Cinsault: into the spotlight
Regarded for decades as simply a useful blending grape, is hardy Cinsault finding favour again? Alistair Cooper MW feels its wines are deserving of a reappraisal
Once widely planted, then consigned to blends, Cinsault deserves a chance to shine, argues Alistair Cooper MW
IT Is ofTEN said that wine trends are cyclical, mirroring the fickle beast that is the fashion industry. Wine styles and grapes come and go, just as flares and beards just keep on coming back. And if ever there were a grape that has experienced a wild swing in its fortunes over the past century, it’s Cinsault. once widely planted, then much maligned and brutally grubbed up, this inherently hardy and tenacious grape has experienced a welcome mini-renaissance in recent years.
Historically Cinsault has played a pivotal, yet often understated role in the development of several leading wine industries. These include france, south Africa, Lebanon and, to a slightly lesser degree, Chile. Intrinsically Cinsault is a drought-resistant grape, capable of tolerating extreme temperatures. Coupled with this it is a robust variety, largely diseaseresistant in warmer climates. When you add to the mix its extraordinary ability to yield copiously, its attraction to wine-growers becomes clear – particularly given the time period in which its popularity peaked.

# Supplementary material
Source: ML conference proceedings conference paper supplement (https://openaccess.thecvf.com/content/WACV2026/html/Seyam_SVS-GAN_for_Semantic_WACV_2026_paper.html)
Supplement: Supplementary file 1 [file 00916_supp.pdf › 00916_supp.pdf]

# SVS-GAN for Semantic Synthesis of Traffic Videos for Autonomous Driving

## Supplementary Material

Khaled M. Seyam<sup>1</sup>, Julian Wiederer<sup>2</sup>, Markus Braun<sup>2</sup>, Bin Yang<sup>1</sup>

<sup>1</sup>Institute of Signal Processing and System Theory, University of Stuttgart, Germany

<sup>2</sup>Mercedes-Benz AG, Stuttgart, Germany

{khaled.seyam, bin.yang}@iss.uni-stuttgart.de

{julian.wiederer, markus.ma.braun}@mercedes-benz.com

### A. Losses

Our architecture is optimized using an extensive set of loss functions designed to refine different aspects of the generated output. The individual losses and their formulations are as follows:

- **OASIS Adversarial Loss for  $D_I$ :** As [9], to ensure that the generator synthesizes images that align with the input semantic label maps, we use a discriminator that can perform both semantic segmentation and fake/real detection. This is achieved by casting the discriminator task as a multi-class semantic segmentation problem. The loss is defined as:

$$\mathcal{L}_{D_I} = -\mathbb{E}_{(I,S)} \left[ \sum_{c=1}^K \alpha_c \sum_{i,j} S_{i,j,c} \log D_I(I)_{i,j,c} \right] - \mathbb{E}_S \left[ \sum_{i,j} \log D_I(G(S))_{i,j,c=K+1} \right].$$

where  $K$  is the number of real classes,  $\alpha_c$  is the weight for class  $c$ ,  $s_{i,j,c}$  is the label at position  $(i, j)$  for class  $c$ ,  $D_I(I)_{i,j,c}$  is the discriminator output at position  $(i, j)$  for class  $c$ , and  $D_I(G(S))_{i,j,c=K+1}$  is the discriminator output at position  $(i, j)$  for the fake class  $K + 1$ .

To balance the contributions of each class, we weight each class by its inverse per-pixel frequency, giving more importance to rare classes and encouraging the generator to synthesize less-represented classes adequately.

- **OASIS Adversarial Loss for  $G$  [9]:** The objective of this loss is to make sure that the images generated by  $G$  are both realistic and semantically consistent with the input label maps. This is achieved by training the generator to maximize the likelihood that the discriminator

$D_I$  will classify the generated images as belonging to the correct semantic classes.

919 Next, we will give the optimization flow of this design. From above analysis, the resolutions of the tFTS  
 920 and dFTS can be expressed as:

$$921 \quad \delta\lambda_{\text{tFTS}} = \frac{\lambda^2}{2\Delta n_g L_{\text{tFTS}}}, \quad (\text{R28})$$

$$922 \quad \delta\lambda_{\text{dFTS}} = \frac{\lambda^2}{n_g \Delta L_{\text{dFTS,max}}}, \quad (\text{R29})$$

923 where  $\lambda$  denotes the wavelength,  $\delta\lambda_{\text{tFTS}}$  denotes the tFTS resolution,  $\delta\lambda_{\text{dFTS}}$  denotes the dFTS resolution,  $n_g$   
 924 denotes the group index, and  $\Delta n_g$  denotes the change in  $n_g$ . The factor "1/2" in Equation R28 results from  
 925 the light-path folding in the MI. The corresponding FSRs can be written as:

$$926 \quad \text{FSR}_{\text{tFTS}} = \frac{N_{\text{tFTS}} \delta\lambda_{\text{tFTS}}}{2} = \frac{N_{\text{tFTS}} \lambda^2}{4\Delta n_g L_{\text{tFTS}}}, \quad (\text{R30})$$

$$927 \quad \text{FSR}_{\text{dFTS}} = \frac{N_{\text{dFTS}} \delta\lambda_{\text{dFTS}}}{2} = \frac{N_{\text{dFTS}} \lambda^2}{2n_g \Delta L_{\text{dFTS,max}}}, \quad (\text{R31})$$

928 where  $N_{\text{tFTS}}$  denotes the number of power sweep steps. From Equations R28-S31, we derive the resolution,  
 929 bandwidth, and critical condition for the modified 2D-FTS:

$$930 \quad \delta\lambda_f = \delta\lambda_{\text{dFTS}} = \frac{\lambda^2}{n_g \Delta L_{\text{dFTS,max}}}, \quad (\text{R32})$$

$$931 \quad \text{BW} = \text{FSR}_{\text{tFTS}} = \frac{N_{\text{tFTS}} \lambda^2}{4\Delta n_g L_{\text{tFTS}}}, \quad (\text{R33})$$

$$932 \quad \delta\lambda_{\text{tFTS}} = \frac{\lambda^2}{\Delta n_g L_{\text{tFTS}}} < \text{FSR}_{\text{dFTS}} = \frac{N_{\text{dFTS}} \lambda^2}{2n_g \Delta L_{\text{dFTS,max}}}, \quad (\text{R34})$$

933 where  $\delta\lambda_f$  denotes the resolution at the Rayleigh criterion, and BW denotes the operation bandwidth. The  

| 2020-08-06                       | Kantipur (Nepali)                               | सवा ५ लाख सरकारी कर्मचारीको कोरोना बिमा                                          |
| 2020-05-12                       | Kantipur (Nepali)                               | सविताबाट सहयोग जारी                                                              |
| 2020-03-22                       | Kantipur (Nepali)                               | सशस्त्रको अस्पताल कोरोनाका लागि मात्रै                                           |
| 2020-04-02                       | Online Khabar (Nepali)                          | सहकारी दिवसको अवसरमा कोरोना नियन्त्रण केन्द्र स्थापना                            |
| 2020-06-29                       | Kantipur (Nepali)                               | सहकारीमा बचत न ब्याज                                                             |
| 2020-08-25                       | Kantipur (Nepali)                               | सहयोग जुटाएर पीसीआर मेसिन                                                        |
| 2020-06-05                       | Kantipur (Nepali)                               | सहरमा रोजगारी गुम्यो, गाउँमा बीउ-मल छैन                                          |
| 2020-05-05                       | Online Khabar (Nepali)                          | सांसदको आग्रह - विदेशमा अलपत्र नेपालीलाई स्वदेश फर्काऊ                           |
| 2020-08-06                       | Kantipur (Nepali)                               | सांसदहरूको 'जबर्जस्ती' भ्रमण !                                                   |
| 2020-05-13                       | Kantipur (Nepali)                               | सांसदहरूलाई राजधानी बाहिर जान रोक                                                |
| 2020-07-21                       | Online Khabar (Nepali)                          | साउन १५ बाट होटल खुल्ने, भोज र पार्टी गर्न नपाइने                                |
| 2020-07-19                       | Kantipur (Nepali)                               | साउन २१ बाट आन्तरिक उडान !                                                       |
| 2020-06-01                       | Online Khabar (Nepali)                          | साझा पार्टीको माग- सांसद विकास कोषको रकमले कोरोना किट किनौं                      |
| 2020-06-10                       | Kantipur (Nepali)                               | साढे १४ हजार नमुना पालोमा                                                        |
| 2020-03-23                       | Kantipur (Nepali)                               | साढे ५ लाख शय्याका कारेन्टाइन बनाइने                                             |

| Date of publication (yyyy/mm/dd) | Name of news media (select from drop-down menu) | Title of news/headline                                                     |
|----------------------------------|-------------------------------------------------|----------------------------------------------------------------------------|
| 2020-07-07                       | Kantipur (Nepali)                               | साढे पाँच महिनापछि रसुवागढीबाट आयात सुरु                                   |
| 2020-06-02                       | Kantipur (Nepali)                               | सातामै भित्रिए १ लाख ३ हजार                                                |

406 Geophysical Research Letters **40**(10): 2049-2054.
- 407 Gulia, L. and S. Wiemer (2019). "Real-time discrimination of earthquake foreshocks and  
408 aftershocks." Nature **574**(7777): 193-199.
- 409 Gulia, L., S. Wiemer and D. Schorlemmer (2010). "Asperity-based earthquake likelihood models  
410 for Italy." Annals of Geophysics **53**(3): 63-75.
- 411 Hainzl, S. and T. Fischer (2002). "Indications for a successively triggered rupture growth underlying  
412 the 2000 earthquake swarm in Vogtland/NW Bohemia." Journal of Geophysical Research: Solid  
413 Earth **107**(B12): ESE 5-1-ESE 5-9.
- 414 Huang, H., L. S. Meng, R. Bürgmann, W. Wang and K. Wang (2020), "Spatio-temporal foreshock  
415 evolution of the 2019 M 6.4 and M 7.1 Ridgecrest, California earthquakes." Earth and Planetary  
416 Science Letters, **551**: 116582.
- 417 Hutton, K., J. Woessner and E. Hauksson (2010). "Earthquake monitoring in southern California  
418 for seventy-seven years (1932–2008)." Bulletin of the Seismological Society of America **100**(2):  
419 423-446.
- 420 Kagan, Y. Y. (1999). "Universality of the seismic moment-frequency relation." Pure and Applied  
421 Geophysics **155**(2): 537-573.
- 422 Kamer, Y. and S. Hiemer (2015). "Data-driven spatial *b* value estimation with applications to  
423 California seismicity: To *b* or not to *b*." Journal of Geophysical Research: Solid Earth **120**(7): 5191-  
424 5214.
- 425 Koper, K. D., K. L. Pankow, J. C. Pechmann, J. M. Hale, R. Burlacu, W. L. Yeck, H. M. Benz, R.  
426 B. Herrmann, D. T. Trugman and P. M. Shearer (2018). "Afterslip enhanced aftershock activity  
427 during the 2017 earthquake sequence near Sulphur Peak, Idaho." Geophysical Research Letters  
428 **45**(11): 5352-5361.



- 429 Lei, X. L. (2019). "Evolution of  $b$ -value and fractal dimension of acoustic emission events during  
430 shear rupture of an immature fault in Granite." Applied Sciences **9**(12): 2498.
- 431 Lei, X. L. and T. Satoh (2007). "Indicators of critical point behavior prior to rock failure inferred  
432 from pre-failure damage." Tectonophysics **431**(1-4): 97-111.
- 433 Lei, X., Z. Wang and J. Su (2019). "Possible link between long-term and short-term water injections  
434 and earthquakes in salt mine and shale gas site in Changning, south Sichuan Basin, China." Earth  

The french annexation of Algeria and Morocco in the 19th century saw Cinsault thrive in the blistering north African heat. Algerian wine flooded phylloxera-ravaged france to slake the Gallic thirst. In an era where quantity trumped quality, Cinsault also became a favourite in south Africa – where it was known as Hermitage, then as Cinsaut.
By the 1970s, Cinsault was the most widely planted grape in south Africa – both as a workhorse grape and for distilling into brandy. Indirectly Cinsault also left a deep impression on the south African landscape in the form of Pinotage. A cross of Cinsault and Pinot Noir developed in 1925 by Professor Abraham Perold, its success as a variety is questionable, yet Cinsault’s DNA remains firmly ensconced in the Cape winelands.